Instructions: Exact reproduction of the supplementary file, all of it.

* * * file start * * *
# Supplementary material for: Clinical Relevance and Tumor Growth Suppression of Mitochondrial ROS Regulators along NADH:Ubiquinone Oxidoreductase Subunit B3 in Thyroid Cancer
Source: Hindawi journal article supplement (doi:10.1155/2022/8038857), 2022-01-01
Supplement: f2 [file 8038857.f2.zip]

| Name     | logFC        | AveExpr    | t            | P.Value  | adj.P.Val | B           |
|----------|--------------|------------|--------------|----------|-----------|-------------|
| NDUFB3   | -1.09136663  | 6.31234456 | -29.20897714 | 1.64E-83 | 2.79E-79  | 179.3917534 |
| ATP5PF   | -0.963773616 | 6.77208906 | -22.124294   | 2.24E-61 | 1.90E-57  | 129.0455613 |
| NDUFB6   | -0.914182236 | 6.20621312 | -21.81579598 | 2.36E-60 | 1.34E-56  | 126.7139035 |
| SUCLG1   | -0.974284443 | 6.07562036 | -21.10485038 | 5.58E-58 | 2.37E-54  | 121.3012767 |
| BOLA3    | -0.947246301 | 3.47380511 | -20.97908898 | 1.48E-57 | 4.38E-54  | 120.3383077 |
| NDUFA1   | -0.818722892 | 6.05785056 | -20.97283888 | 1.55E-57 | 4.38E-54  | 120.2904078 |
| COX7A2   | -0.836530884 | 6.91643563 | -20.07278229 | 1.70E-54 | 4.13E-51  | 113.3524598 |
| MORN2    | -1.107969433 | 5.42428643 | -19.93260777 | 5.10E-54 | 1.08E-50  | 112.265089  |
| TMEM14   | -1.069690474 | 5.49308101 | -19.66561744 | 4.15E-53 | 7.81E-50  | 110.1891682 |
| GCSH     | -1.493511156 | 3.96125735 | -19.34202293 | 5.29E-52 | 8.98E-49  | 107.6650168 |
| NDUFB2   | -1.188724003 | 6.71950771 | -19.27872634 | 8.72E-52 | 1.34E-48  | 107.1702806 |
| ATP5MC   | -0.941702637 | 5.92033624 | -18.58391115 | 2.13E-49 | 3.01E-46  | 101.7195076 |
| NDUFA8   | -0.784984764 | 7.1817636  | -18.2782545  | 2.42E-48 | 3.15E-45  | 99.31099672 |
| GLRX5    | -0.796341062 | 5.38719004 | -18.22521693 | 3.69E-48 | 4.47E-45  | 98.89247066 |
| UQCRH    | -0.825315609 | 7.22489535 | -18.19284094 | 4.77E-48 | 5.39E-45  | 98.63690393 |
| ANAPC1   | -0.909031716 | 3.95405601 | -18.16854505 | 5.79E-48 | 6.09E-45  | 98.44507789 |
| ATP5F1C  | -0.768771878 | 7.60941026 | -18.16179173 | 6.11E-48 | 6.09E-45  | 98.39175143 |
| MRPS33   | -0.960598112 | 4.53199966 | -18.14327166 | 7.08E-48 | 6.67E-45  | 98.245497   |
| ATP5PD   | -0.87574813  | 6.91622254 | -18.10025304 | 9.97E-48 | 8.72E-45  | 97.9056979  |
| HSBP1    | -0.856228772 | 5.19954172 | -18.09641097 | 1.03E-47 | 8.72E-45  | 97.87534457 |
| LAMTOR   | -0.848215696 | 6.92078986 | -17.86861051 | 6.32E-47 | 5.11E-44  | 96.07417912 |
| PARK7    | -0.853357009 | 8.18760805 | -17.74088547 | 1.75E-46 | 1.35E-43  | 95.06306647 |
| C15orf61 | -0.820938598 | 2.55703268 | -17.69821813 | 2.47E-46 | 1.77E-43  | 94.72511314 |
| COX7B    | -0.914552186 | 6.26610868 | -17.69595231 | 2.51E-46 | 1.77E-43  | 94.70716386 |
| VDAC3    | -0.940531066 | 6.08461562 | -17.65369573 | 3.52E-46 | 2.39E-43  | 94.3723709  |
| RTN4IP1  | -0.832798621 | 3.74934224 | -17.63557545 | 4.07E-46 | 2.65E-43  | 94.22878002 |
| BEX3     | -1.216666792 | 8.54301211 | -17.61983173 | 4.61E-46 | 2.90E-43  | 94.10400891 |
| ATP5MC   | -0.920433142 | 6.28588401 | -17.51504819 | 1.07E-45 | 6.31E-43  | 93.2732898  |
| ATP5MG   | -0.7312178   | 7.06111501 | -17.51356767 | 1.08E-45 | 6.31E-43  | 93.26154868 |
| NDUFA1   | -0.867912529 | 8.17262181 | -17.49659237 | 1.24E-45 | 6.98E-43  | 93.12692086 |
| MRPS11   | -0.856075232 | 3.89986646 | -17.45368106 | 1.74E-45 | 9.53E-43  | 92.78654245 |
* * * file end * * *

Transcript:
# Supplementary material for: Clinical Relevance and Tumor Growth Suppression of Mitochondrial ROS Regulators along NADH:Ubiquinone Oxidoreductase Subunit B3 in Thyroid Cancer
Source: Hindawi journal article supplement (doi:10.1155/2022/8038857), 2022-01-01
Supplement: f2 [file 8038857.f2.zip]

| Name     | logFC        | AveExpr    | t            | P.Value  | adj.P.Val | B           |
|----------|--------------|------------|--------------|----------|-----------|-------------|
| NDUFB3   | -1.09136663  | 6.31234456 | -29.20897714 | 1.64E-83 | 2.79E-79  | 179.3917534 |
| ATP5PF   | -0.963773616 | 6.77208906 | -22.124294   | 2.24E-61 | 1.90E-57  | 129.0455613 |
| NDUFB6   | -0.914182236 | 6.20621312 | -21.81579598 | 2.36E-60 | 1.34E-56  | 126.7139035 |
| SUCLG1   | -0.974284443 | 6.07562036 | -21.10485038 | 5.58E-58 | 2.37E-54  | 121.3012767 |
| BOLA3    | -0.947246301 | 3.47380511 | -20.97908898 | 1.48E-57 | 4.38E-54  | 120.3383077 |
| NDUFA1   | -0.818722892 | 6.05785056 | -20.97283888 | 1.55E-57 | 4.38E-54  | 120.2904078 |
| COX7A2   | -0.836530884 | 6.91643563 | -20.07278229 | 1.70E-54 | 4.13E-51  | 113.3524598 |
| MORN2    | -1.107969433 | 5.42428643 | -19.93260777 | 5.10E-54 | 1.08E-50  | 112.265089  |
| TMEM14   | -1.069690474 | 5.49308101 | -19.66561744 | 4.15E-53 | 7.81E-50  | 110.1891682 |
| GCSH     | -1.493511156 | 3.96125735 | -19.34202293 | 5.29E-52 | 8.98E-49  | 107.6650168 |
| NDUFB2   | -1.188724003 | 6.71950771 | -19.27872634 | 8.72E-52 | 1.34E-48  | 107.1702806 |
| ATP5MC   | -0.941702637 | 5.92033624 | -18.58391115 | 2.13E-49 | 3.01E-46  | 101.7195076 |
| NDUFA8   | -0.784984764 | 7.1817636  | -18.2782545  | 2.42E-48 | 3.15E-45  | 99.31099672 |
| GLRX5    | -0.796341062 | 5.38719004 | -18.22521693 | 3.69E-48 | 4.47E-45  | 98.89247066 |
| UQCRH    | -0.825315609 | 7.22489535 | -18.19284094 | 4.77E-48 | 5.39E-45  | 98.63690393 |
| ANAPC1   | -0.909031716 | 3.95405601 | -18.16854505 | 5.79E-48 | 6.09E-45  | 98.44507789 |
| ATP5F1C  | -0.768771878 | 7.60941026 | -18.16179173 | 6.11E-48 | 6.09E-45  | 98.39175143 |
| MRPS33   | -0.960598112 | 4.53199966 | -18.14327166 | 7.08E-48 | 6.67E-45  | 98.245497   |
| ATP5PD   | -0.87574813  | 6.91622254 | -18.10025304 | 9.97E-48 | 8.72E-45  | 97.9056979  |
| HSBP1    | -0.856228772 | 5.19954172 | -18.09641097 | 1.03E-47 | 8.72E-45  | 97.87534457 |
| LAMTOR   | -0.848215696 | 6.92078986 | -17.86861051 | 6.32E-47 | 5.11E-44  | 96.07417912 |
| PARK7    | -0.853357009 | 8.18760805 | -17.74088547 | 1.75E-46 | 1.35E-43  | 95.06306647 |
| C15orf61 | -0.820938598 | 2.55703268 | -17.69821813 | 2.47E-46 | 1.77E-43  | 94.72511314 |
| COX7B    | -0.914552186 | 6.26610868 | -17.69595231 | 2.51E-46 | 1.77E-43  | 94.70716386 |
| VDAC3    | -0.940531066 | 6.08461562 | -17.65369573 | 3.52E-46 | 2.39E-43  | 94.3723709  |
| RTN4IP1  | -0.832798621 | 3.74934224 | -17.63557545 | 4.07E-46 | 2.65E-43  | 94.22878002 |
| BEX3     | -1.216666792 | 8.54301211 | -17.61983173 | 4.61E-46 | 2.90E-43  | 94.10400891 |
| ATP5MC   | -0.920433142 | 6.28588401 | -17.51504819 | 1.07E-45 | 6.31E-43  | 93.2732898  |
| ATP5MG   | -0.7312178   | 7.06111501 | -17.51356767 | 1.08E-45 | 6.31E-43  | 93.26154868 |
| NDUFA1   | -0.867912529 | 8.17262181 | -17.49659237 | 1.24E-45 | 6.98E-43  | 93.12692086 |
| MRPS11   | -0.856075232 | 3.89986646 | -17.45368106 | 1.74E-45 | 9.53E-43  | 92.78654245 |